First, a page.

Some technologies, it seems to me, should not really exist. They do, however, because they address a specific need. Typically, such technologies stretch something to make it perform in a way that was not originally intended. An example would be the fax machine. In a paper-based office environment, there was a frequent need to move documents from A to B. Initially, this resulted in the mail. But fax was an ingenious way to use phone lines to deliver a similar result. As soon as email became widespread, fax disappeared almost overnight.
The technology that I have in mind today is hypervisors, which are a software layer that enables multiple operating systems to be run simultaneously on a single hardware platform. They have been used for decades on mainframes, more recently on desktop computers, but are now beginning to be very relevant to embedded developers …
The first question to ask, when looking at the capabilities of any technology, is: why? What is the benefit of running multiple OSes on one piece of hardware, bearing in mind that this introduces significant complexity? The most important answer is security. A hypervisor provides a very strong layer of insulation and protection between the guest operating systems, ensuring that there is no possibility of one multi-threaded application interfering with another. A secondary, but still very significant, motivation to run multiple OSes is IP reuse. Imagine that there is some important software IP available for Linux that you want to use in your design. However, your device is real time, so an RTOS makes better sense. If multicore is not an option [as that is another way to run multiple OSes on one device], using a hypervisor is the way forward, so that you can run Linux and your RTOS.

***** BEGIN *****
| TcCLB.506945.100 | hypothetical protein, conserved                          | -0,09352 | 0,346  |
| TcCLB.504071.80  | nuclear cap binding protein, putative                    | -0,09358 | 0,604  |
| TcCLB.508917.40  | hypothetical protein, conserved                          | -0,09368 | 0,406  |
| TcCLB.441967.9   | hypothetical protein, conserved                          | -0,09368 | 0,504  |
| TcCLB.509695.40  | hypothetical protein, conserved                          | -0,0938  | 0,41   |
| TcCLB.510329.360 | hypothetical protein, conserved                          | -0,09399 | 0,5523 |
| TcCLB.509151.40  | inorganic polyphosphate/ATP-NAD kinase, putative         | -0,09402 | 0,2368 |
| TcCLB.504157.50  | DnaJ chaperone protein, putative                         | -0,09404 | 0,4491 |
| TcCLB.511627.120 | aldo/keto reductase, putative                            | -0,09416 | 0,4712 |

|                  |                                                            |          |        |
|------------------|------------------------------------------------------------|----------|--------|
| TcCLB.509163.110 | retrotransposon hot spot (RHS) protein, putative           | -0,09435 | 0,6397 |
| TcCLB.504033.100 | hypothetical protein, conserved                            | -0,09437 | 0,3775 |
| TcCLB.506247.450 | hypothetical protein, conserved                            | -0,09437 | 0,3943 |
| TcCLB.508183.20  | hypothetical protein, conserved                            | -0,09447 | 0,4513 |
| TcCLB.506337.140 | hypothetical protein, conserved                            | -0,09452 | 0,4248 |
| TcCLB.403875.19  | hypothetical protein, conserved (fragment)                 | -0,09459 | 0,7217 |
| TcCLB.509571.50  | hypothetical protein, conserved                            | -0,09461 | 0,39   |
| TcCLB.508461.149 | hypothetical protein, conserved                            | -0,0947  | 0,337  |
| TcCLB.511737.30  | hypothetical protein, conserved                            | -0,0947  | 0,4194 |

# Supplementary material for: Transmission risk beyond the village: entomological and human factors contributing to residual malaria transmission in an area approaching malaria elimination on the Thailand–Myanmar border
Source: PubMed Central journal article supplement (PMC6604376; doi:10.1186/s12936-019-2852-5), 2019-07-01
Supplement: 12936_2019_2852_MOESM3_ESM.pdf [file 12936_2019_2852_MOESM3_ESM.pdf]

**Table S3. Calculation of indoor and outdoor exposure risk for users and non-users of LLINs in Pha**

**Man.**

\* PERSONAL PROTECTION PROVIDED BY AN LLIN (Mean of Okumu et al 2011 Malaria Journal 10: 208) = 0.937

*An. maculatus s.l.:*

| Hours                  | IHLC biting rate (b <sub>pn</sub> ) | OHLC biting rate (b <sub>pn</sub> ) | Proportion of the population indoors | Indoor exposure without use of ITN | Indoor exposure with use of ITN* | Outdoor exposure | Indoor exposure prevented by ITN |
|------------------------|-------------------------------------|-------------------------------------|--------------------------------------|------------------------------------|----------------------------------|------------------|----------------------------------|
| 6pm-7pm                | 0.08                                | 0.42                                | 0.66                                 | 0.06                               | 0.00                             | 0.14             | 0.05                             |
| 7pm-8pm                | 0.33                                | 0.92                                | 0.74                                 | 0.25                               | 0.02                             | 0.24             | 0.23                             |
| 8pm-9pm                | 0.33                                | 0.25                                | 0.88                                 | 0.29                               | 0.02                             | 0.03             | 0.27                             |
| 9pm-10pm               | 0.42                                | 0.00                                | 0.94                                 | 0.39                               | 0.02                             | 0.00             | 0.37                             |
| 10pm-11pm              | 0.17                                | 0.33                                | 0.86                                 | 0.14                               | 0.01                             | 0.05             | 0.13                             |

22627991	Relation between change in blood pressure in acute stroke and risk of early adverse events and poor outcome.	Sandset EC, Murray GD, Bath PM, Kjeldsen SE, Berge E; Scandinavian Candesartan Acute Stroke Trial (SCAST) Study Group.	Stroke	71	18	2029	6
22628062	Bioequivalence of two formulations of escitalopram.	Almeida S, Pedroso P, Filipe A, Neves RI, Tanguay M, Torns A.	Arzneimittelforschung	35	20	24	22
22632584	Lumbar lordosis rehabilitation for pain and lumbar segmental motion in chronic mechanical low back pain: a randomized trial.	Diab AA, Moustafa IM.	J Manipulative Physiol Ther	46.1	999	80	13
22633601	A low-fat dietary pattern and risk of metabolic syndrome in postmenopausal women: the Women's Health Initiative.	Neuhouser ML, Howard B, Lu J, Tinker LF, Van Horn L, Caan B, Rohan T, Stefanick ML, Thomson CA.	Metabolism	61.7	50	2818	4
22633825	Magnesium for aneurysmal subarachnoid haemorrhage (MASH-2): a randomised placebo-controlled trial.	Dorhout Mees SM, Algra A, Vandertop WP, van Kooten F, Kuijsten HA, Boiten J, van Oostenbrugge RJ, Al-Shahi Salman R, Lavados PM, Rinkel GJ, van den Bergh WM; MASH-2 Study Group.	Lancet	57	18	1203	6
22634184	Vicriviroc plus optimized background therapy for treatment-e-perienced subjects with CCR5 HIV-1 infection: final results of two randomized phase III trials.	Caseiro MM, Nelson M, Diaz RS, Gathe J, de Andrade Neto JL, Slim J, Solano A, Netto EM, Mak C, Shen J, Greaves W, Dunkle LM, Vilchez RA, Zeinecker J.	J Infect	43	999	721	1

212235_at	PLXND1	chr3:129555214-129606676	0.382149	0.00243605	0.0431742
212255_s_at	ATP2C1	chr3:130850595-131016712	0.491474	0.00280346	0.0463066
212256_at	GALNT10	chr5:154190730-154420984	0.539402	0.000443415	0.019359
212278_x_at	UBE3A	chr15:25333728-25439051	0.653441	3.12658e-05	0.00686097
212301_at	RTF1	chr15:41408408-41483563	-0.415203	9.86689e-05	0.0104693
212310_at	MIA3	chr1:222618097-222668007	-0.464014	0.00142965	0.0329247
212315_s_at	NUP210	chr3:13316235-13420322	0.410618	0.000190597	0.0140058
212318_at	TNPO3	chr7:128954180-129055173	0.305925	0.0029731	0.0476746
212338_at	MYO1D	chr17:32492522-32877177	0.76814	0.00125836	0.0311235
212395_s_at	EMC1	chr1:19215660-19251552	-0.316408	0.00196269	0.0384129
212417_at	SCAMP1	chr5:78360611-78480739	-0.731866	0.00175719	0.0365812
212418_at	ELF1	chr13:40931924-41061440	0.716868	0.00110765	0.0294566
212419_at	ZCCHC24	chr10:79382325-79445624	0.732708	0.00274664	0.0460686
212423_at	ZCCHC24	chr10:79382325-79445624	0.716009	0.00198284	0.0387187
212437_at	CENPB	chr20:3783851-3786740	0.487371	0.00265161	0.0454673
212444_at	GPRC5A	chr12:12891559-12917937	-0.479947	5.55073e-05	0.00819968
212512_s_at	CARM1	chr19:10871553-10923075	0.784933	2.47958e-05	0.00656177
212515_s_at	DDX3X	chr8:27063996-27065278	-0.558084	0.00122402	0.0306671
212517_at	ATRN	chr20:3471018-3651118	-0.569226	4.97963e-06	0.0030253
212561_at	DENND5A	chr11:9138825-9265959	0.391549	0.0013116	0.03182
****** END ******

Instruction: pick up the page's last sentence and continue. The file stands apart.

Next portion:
Hypervisors broadly come in two flavors, which are imaginatively named Type 1 and Type 2. Type 1 hypervisors run on bare metal; Type 2 require an underlying host operating system. For embedded applications, Type 1 makes most sense for the majority of applications. I attended a conference session recently, where the speaker referred to Type 0, 1 and 2. Type 0 seemed to equate to what I would call Type 1 and I could not figure out the difference between his Type 1 and Type 2. Clearly, care is needed with the interpretation of terminology in this space.
I said that a hypervisor enables multiple OSes on a single hardware platform, implying that this meant single processor. In fact, many products support the use of multiple CPUs, with the hypervisor distributing execution time. This is a complex matter, which I may return to another day.
Mentor Graphics recently announced Mentor Embedded Hypervisor, which is designed specifically for embedded applications. Full details of the product may be found here. If you would like to learn more this product and hypervisors in general, you may wish to attend an online seminar which takes place tomorrow. A recording will be available after the live event.